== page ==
To provoke difficult Western reaction, Russia’s alleged SolarWinds cyber attack likely

For Russia to confront one allegation of association in an episode of global interest might be viewed as a disaster; two inside two days may look like imprudence.

Russian fingerprints are supposed to be everywhere on the hack of SolarWinds programming utilized by U.S. government organizations, including the Treasury and Commerce Departments, the Department of Home Security (DHS), and a few others.

The claims involving Russia’s outside security administration the SVR came similarly as an analytical site sketched out the broad job that Russia’s inner security administration, the FSB, played in the Novichok harming of President Vladimir Putin’s most conspicuous adversary, Alexei Navalny.

The Bellingcat report distinguished a gathering of agents from the FSB, including surgeons, who followed the resistance chief and hostile to debasement dissident on in excess of 30 outings more than three years.

Moscow denies any contribution in the two cases which make certain to center the brains of the approaching organization of President-elect Joe Biden.

Ongoing western endeavors to contain Russia’s conduct, for example, the ejection of ambassadors, seem to have had little achievement. The Navalny harming had started EU sanctions, yet the hacking of U.S. government frameworks could provoke a sterner reaction.

“The scale of the hackers’ attack is a much bigger thing than the new information about Navalny,” Arkady Moshes, head of the EU’s Eastern Neighborhood and Russia program at the Finnish Institute of International Affairs think tank.

“It is much more dangerous for Russia, for Russian-western relations, and if even for international stability because this is when both sides can start playing really nasty.”

Ties among Moscow and Europe had just hit a low in 2018 after the Novichok harming of previous Russian government agent Sergei Skripal in Salisbury, England.

Yet, the activities of specialists—both mystery and nerve—didn’t appear to mark the push for the west to reconnect with Russia, which got support to re-visitation of the Council of Europe in June 2019, after its ejection for the 2014 capture of Crimea.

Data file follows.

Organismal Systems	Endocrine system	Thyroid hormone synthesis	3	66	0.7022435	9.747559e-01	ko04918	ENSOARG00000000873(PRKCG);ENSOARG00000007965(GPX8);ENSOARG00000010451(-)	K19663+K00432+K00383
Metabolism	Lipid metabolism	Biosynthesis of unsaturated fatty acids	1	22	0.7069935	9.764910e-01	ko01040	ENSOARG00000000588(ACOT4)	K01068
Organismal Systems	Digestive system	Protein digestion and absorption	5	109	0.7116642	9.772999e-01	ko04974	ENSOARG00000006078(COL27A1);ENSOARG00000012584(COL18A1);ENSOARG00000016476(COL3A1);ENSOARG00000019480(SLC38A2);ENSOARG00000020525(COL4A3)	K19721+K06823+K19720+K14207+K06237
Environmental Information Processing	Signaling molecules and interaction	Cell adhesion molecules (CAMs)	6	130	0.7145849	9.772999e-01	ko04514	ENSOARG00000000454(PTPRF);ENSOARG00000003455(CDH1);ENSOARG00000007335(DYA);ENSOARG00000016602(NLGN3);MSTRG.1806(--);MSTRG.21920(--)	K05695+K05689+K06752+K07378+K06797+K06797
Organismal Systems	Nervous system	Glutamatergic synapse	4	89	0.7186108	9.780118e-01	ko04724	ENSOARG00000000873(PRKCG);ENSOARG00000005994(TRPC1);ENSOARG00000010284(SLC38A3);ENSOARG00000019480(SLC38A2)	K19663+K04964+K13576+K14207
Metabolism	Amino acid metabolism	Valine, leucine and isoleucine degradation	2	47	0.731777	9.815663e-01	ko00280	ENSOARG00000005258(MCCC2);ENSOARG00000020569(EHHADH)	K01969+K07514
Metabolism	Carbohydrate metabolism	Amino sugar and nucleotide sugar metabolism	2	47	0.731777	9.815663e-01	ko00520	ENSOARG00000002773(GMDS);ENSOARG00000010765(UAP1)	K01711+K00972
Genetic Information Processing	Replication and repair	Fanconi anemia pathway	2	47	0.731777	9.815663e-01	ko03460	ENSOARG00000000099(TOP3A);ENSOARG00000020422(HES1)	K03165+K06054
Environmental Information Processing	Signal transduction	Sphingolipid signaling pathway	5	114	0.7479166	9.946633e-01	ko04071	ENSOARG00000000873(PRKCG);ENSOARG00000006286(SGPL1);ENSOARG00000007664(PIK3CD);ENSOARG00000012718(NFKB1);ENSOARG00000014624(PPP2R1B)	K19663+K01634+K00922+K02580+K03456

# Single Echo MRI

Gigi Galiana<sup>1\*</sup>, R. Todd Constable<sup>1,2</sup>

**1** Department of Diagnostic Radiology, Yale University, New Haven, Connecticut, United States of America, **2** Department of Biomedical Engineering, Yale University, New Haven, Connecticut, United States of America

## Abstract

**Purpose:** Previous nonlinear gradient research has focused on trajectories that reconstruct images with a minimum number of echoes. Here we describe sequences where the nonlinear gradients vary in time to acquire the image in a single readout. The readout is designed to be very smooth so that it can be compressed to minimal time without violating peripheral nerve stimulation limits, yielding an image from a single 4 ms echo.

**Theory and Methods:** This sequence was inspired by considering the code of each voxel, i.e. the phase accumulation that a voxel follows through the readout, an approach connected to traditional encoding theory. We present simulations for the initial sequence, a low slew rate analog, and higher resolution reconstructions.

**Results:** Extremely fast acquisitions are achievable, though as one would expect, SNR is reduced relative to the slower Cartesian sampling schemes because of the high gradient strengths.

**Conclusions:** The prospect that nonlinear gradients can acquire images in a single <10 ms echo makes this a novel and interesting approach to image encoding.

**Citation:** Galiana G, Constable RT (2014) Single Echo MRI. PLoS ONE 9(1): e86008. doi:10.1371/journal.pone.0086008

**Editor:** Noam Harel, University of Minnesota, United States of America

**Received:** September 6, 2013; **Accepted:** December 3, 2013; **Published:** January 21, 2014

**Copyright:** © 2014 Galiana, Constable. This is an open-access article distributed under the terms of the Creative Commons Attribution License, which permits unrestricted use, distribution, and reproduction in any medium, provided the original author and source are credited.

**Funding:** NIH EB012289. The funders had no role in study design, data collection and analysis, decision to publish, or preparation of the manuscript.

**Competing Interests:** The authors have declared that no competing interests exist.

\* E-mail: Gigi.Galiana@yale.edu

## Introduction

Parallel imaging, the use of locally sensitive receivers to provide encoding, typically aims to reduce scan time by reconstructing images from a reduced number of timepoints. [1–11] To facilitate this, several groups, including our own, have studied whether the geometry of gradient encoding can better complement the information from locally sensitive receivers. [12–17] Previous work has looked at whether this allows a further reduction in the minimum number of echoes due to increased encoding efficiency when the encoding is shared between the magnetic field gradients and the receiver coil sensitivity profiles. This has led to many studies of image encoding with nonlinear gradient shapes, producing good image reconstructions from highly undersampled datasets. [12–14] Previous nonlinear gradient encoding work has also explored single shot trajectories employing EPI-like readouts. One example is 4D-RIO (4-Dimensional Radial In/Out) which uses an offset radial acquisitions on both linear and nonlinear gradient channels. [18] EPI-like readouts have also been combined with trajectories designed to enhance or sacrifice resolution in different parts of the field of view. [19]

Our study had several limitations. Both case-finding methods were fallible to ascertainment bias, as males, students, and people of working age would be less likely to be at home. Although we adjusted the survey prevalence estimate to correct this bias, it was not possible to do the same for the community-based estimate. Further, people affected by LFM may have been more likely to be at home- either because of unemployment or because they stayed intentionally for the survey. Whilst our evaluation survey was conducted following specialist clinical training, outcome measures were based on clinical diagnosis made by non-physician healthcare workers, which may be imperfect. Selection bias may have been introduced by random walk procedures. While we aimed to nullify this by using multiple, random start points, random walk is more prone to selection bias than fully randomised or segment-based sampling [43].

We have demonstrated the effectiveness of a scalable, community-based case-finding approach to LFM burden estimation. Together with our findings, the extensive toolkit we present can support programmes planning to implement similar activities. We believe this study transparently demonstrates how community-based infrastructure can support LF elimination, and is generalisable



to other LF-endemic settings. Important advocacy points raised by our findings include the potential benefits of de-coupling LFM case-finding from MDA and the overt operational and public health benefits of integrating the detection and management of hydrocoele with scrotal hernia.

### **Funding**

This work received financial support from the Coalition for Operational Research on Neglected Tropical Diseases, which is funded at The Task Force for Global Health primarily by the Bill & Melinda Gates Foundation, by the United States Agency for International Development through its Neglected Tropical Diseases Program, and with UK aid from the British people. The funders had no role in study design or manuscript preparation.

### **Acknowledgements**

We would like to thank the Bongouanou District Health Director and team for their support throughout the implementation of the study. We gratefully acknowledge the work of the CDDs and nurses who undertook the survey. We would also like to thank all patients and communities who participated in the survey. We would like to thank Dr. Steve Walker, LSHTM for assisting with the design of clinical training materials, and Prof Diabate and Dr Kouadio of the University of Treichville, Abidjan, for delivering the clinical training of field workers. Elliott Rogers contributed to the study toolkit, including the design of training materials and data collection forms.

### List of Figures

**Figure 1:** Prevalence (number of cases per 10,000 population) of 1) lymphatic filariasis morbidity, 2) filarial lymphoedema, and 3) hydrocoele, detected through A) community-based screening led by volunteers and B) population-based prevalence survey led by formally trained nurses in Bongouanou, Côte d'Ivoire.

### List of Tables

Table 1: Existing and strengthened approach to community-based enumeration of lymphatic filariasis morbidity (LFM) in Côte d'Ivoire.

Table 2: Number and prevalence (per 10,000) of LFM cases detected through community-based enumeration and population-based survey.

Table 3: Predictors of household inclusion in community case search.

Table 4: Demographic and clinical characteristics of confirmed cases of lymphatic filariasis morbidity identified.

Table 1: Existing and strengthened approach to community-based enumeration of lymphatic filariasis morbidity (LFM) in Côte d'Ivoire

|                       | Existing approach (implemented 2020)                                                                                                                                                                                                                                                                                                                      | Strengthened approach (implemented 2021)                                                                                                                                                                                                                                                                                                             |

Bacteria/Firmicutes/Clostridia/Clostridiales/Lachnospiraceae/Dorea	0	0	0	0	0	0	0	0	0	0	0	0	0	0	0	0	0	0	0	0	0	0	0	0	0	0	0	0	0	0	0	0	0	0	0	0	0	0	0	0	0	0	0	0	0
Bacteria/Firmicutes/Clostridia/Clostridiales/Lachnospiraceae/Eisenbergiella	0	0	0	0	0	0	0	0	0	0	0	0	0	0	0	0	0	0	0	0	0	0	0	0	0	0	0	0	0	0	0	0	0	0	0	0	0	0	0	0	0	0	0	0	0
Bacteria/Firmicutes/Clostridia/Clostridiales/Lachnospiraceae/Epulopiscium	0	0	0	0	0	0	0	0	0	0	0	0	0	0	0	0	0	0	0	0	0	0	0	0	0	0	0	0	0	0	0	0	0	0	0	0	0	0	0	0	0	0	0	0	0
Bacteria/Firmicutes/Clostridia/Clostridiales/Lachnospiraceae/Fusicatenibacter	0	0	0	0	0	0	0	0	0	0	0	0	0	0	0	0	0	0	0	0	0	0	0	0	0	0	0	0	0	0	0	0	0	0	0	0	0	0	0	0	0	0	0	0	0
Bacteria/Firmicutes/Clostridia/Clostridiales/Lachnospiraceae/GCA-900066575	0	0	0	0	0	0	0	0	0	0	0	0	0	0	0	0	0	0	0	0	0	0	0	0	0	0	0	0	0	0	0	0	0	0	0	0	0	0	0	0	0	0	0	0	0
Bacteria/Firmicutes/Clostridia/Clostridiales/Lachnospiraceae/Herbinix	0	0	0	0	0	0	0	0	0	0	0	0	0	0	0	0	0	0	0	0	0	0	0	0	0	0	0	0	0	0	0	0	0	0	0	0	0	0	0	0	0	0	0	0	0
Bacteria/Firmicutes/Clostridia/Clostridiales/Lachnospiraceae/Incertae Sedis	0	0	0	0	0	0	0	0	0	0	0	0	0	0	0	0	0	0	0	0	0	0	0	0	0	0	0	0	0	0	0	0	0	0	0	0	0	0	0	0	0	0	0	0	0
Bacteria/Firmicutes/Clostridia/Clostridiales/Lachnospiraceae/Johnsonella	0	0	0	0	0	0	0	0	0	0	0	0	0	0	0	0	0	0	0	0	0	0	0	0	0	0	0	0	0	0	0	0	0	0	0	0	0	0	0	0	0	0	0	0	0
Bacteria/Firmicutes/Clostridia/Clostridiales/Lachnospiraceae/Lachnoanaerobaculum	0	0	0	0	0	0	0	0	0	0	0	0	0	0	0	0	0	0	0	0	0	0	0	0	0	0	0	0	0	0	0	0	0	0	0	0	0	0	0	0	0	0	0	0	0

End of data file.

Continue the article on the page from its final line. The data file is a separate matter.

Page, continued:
It implies that additional data about how Navalny was followed and focused on is probably not going to change the math of any western reaction to Moscow, yet the hacking assault might conceivably.

“I don’t expect Europe to change its position because Europe is afraid to provoke Russia,” said Moshes, “but the hacking attack is a different story because it affects the United States and the United States can react differently.”

“The new American organization may very well just need to show that it likewise can stop messing around, and show that it may manage Russia distinctively to its archetype.”

Previous U.S. envoy to Moscow, and vocal pundit of President Donald Trump, Michael McFaul, flagged the trouble looked by the approaching Biden organization in how to handle Russia.

“It’s very important reminder that the Russian threat—not just China—will be a central challenge for the Biden administration and our allies for many years to come,” McFaul tweeted.

In the interim, online protection master Dmitri Alperovitch told the Associated Press that the hack which bargained the corporate programming the executives instrument SolarWinds could be “one of the most significant” undercover work crusades ever.

The following move by the U.S. could rely upon whether Russia had just completed an undercover data gathering hack or took a distinct action to destabilize the nation.

“It is unlikely to yield any substantive reply from the U.S. other than to redouble its own efforts to gain access to similar Russian systems,” Alan Mendoza, chief head of the Henry Jackson Society think tank.

“Of course, should it be discovered that there was a Russian intention to destabilize systems as with the various 2016 hacks,” he said, “then we can expect a much tougher U.S. response, perhaps even during the transition given the Trump State Department’s record of firm action for previous serious incursions.”

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